• BBC Music Magazine ‘The Great Composers’

I don’t have it in for the BBC Music Magazine, I really don’t, even if it sometimes gets its knickers in a twist (last year, the December issue came out in October).  But I can’t help reacting to the special supplement that comes with the current May 2012 issue. Two days ago, I had a long train journey home, so I had plenty of time to read BBC Music Magazine presents The Great Composers.  It doesn’t get off to a good start when the fonts, quill and distressed MS paper are bog-standard code for an outdated perspective on classical music.  The MS paper is so distressed that the staves offer six lines for the price of five (pace any guitar-playing readers).

The big question, however, is raised by the concept.  OK, any compilation of ’50’, ‘100’ or ‘x’ will propose disputable lists, so the compilers (I assume they are plural in this case, though no details are given) are never likely to satisfy the demands of the individual or even of a broader audience.  This particular exercise, whether worthy or foolhardy in intent, seems designed from the cover to appeal to a very basic understanding of greatness, itself a dodgy yardstick.  As to the word ‘essential’, it has been so traduced, not least by Radio 3’s appropriation since its revamp last autumn, that it is now meaningless.  And what exactly is implied by ‘biggest names’?  Biggest in which sense(s)? Is the name now more significant than the music?  Or should I just accept this as inherently empty promotional puff?

Take a look at the nine names that have been highlighted.  Are they ‘in no particular order’, as heard on TV talent shows when they read out stage winners?  The list hardly inspires confidence that the remaining 41 composers will break out from an ultra-safe, tired popular-classics notion of ‘great composers’/’biggest names’. The final information tells us that there’s a ‘Foreword by Katie Derham’.  I always thought that a Foreword was intended to bring new insights, an interesting perspective on what follows.  Not here. Nothing of any substance whatsoever. The two volumes of the child-friendly Ladybird Lives of the Great Composers (1969) were pitched at a higher level.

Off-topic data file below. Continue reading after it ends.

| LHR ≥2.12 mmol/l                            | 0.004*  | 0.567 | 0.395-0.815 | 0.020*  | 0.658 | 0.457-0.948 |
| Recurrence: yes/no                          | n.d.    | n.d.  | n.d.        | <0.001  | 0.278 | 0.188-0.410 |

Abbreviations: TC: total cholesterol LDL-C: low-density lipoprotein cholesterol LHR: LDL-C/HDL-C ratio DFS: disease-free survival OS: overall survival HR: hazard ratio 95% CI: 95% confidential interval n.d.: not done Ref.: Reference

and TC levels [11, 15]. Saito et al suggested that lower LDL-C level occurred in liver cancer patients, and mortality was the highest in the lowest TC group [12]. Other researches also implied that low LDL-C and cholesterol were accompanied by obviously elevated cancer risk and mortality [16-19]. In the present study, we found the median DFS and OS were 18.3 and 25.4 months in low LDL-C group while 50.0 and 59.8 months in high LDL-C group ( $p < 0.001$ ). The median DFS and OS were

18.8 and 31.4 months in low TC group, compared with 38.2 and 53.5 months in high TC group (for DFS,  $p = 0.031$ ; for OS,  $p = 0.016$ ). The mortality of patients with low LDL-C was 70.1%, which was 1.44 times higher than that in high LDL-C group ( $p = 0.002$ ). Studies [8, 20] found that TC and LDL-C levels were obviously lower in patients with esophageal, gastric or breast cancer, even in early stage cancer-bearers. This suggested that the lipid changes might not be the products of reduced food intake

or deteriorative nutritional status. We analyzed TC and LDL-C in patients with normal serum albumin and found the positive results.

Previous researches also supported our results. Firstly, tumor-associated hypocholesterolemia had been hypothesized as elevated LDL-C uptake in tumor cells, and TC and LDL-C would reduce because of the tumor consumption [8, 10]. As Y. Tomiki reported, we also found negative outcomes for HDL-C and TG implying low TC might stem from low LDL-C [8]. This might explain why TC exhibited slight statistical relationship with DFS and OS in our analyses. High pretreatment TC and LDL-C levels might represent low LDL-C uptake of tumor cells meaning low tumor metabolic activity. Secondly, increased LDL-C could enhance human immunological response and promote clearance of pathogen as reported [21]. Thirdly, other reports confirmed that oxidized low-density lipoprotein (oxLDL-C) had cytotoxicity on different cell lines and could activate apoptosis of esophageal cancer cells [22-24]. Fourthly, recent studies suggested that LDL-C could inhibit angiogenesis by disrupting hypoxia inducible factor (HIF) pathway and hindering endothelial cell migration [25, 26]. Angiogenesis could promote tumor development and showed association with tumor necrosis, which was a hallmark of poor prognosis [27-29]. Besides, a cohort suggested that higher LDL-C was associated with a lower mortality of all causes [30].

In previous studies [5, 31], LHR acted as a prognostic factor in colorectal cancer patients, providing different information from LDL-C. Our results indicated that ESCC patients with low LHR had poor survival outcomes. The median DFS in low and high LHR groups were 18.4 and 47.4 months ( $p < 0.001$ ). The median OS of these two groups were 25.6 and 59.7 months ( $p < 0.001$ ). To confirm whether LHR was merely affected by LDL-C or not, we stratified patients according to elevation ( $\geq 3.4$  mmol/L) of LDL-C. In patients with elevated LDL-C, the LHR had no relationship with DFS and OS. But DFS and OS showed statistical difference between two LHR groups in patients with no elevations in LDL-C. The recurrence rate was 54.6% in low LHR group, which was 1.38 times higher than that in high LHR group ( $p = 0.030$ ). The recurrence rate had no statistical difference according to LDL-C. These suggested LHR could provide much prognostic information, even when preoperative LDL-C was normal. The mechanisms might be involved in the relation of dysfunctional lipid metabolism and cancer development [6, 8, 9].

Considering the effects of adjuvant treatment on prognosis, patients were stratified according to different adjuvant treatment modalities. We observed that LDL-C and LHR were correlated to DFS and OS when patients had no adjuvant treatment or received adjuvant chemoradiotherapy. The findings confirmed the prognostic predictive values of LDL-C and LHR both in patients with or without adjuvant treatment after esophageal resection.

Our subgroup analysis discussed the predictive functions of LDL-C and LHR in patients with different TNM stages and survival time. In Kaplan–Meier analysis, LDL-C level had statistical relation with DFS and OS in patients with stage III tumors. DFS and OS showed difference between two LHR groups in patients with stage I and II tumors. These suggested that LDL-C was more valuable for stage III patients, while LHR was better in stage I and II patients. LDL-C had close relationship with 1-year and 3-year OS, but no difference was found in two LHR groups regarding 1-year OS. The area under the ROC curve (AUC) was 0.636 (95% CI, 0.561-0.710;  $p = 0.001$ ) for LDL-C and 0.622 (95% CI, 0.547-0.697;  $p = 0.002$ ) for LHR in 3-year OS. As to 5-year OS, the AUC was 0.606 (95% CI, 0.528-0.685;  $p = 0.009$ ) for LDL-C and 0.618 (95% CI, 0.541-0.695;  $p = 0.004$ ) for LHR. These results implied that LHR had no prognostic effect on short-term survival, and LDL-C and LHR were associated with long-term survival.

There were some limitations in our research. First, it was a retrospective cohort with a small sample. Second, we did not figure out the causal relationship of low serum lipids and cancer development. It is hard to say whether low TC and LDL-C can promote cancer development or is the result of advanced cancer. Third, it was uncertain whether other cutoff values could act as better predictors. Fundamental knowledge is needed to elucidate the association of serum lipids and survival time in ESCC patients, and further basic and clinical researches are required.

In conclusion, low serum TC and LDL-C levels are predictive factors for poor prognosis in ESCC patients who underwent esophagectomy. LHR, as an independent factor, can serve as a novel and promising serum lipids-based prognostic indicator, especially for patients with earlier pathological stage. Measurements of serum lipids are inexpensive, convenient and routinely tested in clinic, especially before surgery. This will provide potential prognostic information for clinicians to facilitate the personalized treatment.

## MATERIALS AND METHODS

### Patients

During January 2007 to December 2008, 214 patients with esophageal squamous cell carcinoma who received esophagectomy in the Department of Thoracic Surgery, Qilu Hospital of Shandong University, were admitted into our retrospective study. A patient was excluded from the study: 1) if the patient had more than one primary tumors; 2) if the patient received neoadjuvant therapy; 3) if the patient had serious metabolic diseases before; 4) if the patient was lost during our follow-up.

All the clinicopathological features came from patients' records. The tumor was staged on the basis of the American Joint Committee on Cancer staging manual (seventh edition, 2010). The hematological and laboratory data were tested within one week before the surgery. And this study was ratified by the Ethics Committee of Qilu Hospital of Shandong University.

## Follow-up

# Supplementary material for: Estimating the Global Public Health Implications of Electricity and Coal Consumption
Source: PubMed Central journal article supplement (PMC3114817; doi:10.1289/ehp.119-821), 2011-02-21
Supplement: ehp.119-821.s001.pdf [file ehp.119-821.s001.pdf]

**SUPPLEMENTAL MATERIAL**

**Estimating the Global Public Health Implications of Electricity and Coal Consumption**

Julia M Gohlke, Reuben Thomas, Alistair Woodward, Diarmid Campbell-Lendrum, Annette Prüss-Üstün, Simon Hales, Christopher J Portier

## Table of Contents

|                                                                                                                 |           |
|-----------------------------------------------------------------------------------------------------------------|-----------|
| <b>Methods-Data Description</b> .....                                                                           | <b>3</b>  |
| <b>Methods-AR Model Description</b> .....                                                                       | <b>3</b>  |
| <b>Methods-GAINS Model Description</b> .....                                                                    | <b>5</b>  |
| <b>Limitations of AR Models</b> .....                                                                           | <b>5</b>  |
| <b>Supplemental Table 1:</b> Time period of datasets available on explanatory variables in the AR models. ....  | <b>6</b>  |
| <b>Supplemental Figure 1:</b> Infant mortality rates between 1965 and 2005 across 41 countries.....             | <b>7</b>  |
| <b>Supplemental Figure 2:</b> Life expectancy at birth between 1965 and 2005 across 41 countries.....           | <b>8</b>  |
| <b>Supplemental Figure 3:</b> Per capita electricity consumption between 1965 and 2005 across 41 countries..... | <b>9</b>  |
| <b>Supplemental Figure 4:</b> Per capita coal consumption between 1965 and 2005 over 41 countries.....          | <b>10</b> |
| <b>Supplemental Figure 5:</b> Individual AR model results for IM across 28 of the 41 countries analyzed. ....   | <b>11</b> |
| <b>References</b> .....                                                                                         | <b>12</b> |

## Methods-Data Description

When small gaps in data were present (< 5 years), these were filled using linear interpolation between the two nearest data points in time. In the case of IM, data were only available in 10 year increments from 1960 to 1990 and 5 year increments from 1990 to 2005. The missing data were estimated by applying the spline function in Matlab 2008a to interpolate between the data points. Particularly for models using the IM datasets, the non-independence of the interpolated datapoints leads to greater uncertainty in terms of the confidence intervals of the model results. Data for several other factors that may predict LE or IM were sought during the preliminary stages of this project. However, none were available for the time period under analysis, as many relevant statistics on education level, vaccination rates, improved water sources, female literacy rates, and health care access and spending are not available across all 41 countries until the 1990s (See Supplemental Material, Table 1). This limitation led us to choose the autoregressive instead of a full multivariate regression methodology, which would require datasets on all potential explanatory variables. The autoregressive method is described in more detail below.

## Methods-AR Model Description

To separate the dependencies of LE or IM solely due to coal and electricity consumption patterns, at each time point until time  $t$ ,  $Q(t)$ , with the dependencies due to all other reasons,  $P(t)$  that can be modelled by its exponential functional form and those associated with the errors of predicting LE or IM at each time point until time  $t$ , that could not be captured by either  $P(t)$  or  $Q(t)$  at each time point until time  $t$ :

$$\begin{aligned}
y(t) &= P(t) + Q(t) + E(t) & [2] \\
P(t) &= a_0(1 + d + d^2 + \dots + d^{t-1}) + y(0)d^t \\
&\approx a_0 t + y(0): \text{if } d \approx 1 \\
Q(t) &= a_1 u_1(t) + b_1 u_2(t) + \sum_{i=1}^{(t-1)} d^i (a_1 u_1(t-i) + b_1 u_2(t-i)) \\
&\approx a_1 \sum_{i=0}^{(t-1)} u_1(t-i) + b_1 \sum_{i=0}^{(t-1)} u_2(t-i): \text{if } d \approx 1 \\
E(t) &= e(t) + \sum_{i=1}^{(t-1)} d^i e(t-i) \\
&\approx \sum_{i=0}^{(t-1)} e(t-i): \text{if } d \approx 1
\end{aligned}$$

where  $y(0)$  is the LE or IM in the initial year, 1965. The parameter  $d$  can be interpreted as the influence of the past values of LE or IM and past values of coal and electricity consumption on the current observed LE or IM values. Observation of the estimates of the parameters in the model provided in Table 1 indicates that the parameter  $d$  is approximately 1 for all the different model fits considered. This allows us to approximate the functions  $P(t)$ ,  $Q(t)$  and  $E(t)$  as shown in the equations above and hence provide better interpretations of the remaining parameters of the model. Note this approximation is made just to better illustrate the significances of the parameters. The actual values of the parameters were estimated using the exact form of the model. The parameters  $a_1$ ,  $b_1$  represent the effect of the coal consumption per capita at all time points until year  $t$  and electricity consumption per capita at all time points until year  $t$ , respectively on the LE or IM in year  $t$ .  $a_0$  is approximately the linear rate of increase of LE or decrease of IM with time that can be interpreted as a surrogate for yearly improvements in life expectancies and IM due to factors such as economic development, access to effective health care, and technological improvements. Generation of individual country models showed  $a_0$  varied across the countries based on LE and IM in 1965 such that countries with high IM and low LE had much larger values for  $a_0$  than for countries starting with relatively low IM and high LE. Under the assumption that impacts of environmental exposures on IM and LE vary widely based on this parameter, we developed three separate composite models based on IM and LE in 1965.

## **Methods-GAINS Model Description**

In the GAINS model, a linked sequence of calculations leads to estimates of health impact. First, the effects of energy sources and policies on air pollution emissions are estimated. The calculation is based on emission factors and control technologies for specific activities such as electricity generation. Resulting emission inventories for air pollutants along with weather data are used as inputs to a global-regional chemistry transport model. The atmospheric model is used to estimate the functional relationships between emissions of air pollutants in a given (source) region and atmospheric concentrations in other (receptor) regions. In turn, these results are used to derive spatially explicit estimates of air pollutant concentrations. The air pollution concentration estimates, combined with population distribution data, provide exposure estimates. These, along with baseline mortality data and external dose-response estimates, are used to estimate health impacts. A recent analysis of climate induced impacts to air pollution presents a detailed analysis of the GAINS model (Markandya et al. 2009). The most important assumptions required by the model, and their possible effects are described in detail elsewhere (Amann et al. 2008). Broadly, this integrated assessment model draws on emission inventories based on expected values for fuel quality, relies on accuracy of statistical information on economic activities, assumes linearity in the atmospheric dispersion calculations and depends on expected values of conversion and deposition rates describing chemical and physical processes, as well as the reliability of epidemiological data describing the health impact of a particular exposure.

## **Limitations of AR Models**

There is an inevitable discussion to be had on this selection of composers.  There’s hardly a mainstream name that isn’t included, but that doesn’t mean that every one of the 50 is ‘great’.  There are also some threads that skew the selection.  Eight British composers, not including Handel, garner 16% of the total coverage: Britten, Byrd, Elgar, Gibbons, Holst, Purcell, Tallis, Vaughan Williams.  Barber, Bernstein and Copland represent the USA.  In both these cases, and elsewhere, questions can be raised as to the international significance of some of the ‘names’ when set against their compatriots or (near) contemporaries.  There is Gibbons but not Gesualdo, Rimsky-Korsakov but not Mussorgsky, Barber but not Ives.  There’s Grieg and there’s Sibelius, yet no Nielsen.  A slightly desperate case is made for Saint-Säens, partly because of his high standing during most of his lifetime, but of how many other composers could the same not be said?  Notably, none of the Second Viennese School – Schoenberg, Berg, Webern – is represented.

The greatest disparity emerges when considering the number of entries for composers born before 1900 with entries for those born in the 20th century.  There are only five of the latter (10%): Copland (1900), Messiaen (1908), Britten (1913), Bernstein (1918) and Pärt (1935), who is the only living composer among the 50.  I need hardly elaborate on the glaring omissions, such as Ligeti, Lutosławski and Stockhausen among the deceased or Birtwistle, Dutilleux and Reich among the living.  [This observation ties in with the imminent launch of Tom Service’s contemporary music guide at The Guardian online (starts next Monday), with a taster article today ‘The five myths about contemporary classical music’ (what, only five?), which has already elicited a sizeable response.  Definitions of ‘contemporary’ or ‘modern classical’ have been doing the rounds in anticipation; see Tim Rutherford-Johnson‘s short but telling contribution to the debate.]  What is patently clear in The Great Composers is that there is barely any inclusion of music that is more than mildly challenging on a stylistic or (a)tonal level.  The game is given away in the ‘5 Essential Works’ side panel for Bartók: ‘Listeners who fear Bartók’s music may be too astringent for their taste …’.  For heaven’s sake, this is 2012, not 1962 or 1912.